You are on page 1of 7

Coping Strategies for Students with Anger Problems

The Psycho-Educational Teacher


Blog http://thepsychoeducationalteacher.blogspot.com/ Facebook http://www.facebook.com/profile.php?id=100000487354629 Twitter http://twitter.com/psychoeducation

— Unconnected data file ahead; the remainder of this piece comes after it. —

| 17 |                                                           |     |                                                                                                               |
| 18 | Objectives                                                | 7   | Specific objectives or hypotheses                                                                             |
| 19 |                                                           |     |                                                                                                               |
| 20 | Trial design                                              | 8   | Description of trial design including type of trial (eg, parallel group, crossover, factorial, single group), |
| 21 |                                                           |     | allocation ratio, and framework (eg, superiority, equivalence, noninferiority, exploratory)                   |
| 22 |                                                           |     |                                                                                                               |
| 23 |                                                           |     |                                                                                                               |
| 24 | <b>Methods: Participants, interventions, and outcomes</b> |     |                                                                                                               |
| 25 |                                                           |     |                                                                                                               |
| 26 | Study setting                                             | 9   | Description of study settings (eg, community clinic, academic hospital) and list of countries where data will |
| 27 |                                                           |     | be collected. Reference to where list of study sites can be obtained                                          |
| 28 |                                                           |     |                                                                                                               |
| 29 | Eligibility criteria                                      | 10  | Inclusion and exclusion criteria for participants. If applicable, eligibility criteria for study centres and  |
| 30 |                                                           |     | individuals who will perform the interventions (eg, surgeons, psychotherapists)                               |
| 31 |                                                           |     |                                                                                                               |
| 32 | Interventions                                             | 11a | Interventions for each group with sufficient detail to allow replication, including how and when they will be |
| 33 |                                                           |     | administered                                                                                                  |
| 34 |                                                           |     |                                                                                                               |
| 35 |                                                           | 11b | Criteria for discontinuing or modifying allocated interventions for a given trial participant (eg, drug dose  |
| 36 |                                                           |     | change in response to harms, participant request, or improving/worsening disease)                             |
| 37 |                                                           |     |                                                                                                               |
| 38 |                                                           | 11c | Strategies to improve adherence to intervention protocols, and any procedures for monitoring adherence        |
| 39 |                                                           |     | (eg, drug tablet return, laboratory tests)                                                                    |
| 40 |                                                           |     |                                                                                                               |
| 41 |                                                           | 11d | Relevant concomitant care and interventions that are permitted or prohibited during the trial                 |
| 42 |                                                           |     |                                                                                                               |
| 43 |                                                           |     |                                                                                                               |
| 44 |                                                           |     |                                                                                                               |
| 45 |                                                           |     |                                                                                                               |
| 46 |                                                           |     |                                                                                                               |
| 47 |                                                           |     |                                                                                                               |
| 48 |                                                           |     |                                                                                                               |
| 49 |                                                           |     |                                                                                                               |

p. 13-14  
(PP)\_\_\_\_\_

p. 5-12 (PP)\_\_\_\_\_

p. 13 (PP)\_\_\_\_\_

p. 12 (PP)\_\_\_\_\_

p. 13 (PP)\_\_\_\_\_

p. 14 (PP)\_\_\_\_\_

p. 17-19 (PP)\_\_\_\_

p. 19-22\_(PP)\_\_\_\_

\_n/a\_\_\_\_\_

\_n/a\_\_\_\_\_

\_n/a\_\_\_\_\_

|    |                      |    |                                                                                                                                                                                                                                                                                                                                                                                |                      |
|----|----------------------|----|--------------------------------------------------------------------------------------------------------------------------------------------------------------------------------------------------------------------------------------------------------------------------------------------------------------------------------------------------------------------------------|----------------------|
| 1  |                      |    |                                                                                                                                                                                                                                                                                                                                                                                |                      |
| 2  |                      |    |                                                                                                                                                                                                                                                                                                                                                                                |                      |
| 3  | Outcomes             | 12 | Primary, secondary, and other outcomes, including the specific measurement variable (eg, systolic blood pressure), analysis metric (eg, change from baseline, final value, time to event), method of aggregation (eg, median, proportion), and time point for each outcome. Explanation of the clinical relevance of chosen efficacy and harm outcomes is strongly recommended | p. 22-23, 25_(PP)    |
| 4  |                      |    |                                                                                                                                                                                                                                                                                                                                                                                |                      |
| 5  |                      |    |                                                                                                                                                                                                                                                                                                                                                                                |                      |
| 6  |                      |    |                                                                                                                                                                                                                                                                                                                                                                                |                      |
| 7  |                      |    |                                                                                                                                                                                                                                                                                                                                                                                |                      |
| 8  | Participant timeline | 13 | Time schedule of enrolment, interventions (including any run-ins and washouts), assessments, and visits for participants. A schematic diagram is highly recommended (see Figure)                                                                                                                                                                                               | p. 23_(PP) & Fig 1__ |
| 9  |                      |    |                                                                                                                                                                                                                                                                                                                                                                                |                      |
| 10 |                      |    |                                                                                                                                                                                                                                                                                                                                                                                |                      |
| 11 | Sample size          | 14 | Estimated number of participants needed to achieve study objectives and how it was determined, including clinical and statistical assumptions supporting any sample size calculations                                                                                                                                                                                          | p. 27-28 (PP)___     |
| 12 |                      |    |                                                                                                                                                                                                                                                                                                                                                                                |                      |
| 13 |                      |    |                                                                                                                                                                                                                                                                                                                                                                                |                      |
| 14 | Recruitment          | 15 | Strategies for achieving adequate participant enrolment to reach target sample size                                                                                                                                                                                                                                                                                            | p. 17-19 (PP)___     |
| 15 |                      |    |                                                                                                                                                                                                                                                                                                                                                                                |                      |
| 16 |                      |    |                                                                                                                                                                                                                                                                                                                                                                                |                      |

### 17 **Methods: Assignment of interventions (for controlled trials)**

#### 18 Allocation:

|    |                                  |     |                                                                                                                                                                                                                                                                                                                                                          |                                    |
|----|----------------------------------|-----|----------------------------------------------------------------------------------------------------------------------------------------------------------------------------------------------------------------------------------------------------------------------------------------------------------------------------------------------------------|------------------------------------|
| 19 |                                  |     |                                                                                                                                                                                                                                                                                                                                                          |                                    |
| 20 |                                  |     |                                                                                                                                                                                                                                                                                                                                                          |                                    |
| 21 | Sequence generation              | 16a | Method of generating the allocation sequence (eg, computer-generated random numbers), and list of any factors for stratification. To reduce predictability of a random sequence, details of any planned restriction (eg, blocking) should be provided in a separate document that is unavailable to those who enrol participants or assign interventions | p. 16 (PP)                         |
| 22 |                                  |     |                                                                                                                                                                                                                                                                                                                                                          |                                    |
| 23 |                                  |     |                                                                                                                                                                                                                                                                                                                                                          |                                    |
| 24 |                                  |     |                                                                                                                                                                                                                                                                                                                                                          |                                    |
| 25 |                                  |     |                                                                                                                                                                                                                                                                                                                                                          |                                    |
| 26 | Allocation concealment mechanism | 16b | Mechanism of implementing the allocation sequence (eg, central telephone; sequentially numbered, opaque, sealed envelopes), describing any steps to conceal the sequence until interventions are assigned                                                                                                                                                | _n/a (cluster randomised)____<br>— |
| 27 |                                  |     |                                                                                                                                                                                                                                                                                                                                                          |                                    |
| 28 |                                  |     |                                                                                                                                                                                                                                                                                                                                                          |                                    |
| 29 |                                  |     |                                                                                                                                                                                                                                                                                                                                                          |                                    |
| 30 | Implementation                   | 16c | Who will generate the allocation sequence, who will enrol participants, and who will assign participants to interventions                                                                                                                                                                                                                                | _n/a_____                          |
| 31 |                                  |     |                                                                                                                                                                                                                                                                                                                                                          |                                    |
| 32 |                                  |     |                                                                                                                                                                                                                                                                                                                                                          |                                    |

Forman (1993) defines coping skills, or coping efforts, as sets of information and learned behaviors that children can use purposely to bring about positive outcomes in potentially stressful situations. Coping techniques teach psychological, social, cognitive, affective, and behavioral skills that children and adolescents can use to deal with potential stressors. According to the author, knowing and using coping skills can prevent or reduce a variety of academic, emotional, behavioral, and health problems in children and adolescents. On the other hand, the inability to handle potentially stressful situations or stressors may result in emotional, behavioral, and/or physical health problems. Coping skills are a way of promoting general, emotional, and social competence in students, and we can divide them into two major categories: a) Problem-focused. Acting on the stressful stimuli to change or to solve the problem. Using problem-solving techniques, we focus the coping effort in managing or altering the problem that is causing distress in the child. b) Emotion-focused. Managing how the child reacts to the situation (the emotional response) by changing the way the child thinks about the stressor; cognitive procedures and selftalking procedures are two examples of an emotion-focused coping effort. For example, the student uses a coping technique like relaxation or selective attention, focusing on the